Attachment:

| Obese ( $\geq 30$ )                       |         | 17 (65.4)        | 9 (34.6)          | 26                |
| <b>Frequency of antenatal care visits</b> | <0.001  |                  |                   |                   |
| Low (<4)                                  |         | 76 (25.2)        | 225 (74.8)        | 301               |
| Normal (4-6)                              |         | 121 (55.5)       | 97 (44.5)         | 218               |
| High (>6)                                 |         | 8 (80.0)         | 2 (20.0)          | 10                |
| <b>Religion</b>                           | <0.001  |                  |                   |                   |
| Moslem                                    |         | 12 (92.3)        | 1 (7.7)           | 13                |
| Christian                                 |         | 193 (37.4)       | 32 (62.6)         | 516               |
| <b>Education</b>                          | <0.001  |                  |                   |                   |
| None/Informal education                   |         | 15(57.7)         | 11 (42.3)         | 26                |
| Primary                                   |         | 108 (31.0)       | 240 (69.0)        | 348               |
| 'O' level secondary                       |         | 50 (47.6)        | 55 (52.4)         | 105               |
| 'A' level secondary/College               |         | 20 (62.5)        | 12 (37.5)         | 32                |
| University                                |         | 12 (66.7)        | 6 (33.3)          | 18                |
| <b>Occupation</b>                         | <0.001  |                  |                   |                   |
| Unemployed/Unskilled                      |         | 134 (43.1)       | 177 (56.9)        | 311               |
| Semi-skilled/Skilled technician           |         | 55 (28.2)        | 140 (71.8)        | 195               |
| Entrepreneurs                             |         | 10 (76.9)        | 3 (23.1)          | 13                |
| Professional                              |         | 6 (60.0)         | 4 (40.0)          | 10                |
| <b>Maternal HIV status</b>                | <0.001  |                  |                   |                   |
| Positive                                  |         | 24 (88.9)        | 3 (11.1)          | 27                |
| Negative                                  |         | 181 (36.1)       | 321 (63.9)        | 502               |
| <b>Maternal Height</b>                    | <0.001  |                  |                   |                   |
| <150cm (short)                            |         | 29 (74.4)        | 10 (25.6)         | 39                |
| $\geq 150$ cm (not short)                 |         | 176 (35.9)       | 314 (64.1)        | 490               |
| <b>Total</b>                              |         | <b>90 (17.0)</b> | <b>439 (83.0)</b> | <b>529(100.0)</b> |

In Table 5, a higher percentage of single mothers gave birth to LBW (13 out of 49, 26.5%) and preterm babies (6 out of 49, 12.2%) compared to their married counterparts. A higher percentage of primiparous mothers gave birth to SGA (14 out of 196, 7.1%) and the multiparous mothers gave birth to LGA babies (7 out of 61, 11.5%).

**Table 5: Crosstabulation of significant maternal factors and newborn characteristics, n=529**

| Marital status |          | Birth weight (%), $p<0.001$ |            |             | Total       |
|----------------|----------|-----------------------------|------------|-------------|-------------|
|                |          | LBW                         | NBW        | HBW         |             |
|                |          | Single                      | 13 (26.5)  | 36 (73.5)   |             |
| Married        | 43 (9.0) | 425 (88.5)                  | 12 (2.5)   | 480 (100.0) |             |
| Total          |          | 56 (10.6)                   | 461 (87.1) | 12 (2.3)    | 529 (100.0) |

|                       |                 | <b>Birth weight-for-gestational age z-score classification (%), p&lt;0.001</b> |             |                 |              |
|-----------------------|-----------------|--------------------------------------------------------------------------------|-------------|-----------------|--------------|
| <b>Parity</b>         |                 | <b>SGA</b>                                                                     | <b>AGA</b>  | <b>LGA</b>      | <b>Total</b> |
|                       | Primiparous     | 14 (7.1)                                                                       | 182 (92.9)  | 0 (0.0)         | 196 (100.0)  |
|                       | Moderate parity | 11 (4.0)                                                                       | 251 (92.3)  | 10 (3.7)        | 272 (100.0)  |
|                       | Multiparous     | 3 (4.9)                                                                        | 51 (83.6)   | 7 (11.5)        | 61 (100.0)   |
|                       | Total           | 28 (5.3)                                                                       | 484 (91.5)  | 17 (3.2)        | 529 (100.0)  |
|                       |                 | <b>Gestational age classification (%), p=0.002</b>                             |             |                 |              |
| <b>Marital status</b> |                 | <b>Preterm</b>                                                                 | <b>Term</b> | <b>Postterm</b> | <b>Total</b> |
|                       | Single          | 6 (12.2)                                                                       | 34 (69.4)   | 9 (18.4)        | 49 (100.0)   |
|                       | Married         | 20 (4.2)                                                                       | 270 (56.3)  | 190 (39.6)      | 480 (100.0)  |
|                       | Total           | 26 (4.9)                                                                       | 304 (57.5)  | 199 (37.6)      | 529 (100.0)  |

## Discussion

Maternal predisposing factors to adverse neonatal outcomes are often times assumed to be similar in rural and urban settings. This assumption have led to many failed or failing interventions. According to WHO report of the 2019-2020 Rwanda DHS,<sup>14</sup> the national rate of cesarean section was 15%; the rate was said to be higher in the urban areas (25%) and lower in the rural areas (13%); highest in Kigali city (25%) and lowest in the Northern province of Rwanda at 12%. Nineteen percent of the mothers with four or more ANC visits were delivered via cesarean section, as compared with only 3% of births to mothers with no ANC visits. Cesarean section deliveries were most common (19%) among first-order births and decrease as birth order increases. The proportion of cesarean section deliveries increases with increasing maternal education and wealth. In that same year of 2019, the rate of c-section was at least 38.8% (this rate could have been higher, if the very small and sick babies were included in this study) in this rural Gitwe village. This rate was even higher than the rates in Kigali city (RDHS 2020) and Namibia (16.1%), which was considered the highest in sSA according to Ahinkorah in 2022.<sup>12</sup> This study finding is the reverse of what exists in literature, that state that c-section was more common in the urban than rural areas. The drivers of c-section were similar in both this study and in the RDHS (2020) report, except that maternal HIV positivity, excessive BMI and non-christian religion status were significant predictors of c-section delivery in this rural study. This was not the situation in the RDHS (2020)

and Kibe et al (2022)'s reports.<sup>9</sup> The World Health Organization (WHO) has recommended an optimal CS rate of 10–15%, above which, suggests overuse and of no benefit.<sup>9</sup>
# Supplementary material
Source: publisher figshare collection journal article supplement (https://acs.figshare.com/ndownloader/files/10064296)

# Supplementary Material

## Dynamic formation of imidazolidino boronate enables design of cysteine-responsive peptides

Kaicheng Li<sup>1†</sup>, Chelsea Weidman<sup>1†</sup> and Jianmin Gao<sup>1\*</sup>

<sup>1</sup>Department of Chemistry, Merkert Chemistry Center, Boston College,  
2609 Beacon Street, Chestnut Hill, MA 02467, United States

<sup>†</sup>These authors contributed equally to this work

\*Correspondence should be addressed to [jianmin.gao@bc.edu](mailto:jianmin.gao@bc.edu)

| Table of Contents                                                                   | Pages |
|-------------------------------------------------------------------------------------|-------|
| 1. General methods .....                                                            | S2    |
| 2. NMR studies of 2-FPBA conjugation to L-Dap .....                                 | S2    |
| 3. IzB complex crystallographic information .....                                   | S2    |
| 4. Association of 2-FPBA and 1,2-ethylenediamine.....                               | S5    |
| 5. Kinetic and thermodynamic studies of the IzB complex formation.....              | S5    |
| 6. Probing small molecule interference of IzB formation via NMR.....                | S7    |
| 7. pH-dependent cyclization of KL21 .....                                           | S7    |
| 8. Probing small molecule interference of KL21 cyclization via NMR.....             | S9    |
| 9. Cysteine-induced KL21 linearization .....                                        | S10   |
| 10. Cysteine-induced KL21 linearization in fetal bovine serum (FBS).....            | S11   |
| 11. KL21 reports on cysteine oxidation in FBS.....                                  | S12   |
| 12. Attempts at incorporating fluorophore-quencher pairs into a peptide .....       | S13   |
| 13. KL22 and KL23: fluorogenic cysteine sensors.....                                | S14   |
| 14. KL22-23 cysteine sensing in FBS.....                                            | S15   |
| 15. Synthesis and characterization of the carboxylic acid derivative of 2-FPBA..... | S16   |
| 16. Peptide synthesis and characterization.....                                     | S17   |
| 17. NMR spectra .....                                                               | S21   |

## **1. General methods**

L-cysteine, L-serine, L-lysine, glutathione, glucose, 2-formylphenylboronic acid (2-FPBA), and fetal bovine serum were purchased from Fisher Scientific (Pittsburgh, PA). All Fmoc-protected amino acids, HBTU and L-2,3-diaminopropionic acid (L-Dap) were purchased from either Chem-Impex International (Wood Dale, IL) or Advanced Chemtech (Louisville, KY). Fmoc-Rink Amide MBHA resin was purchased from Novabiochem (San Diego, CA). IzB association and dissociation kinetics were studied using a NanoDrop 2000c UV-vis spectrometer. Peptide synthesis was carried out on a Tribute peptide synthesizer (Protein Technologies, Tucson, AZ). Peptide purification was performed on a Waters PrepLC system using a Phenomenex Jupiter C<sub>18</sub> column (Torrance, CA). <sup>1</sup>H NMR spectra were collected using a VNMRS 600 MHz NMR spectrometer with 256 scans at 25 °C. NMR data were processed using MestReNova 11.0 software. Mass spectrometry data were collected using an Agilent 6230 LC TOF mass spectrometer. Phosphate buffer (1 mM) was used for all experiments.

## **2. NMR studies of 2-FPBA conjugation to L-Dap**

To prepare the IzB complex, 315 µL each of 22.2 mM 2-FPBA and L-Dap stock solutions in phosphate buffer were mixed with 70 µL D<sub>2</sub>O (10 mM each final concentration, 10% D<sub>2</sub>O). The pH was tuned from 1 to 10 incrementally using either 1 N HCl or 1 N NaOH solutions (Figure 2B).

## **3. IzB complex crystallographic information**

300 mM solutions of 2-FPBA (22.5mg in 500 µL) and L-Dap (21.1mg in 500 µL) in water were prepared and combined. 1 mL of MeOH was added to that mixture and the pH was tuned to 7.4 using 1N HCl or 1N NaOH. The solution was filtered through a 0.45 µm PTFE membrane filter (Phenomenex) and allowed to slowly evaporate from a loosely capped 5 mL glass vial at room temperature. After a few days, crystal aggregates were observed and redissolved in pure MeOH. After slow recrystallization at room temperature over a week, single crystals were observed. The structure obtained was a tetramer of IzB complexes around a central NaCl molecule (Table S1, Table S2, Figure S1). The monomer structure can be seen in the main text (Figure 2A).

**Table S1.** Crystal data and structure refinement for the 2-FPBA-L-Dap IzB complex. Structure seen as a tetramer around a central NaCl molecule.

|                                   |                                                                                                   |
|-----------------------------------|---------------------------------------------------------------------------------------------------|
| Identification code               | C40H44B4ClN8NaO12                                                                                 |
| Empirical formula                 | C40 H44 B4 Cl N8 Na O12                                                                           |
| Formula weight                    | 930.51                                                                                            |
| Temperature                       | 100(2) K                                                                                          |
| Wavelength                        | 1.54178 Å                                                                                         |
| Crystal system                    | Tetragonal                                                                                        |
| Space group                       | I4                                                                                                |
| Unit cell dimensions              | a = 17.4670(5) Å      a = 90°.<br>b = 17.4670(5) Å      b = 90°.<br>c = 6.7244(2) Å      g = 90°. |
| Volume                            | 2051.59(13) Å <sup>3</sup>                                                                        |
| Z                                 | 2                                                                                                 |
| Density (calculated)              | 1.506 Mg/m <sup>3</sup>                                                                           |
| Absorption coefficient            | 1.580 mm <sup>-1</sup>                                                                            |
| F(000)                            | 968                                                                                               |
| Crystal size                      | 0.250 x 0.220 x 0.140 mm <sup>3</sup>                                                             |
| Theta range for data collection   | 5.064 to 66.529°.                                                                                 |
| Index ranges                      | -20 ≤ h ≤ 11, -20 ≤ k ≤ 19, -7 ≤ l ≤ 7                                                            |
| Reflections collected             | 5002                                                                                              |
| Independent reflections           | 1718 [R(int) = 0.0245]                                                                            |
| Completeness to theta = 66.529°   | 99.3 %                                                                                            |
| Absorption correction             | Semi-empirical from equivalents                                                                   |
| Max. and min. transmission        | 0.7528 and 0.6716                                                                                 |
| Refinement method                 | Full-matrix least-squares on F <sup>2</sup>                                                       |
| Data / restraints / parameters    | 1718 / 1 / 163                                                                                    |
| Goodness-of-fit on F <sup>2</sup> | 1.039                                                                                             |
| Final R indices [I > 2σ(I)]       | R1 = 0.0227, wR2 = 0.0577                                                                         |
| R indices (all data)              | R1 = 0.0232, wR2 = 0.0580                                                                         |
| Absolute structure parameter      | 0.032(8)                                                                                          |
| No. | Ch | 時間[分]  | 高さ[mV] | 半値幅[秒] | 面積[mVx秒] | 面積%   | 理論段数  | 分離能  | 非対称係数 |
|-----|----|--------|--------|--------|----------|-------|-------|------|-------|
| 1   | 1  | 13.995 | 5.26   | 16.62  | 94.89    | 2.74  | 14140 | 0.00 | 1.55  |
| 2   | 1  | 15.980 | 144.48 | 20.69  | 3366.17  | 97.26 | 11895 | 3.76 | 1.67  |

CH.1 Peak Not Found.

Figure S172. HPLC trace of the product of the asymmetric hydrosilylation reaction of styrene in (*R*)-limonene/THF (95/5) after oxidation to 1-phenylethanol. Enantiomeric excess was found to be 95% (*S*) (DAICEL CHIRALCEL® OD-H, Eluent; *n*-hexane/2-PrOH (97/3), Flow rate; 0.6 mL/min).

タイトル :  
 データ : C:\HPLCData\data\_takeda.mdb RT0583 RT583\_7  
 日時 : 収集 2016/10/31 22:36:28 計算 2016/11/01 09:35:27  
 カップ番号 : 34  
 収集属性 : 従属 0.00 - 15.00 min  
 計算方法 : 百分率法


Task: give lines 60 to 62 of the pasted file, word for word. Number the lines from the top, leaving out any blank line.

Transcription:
|-------------------------------------------------------------------------------------|-------|
| 1. General methods .....                                                            | S2    |
| 2. NMR studies of 2-FPBA conjugation to L-Dap .....                                 | S2    |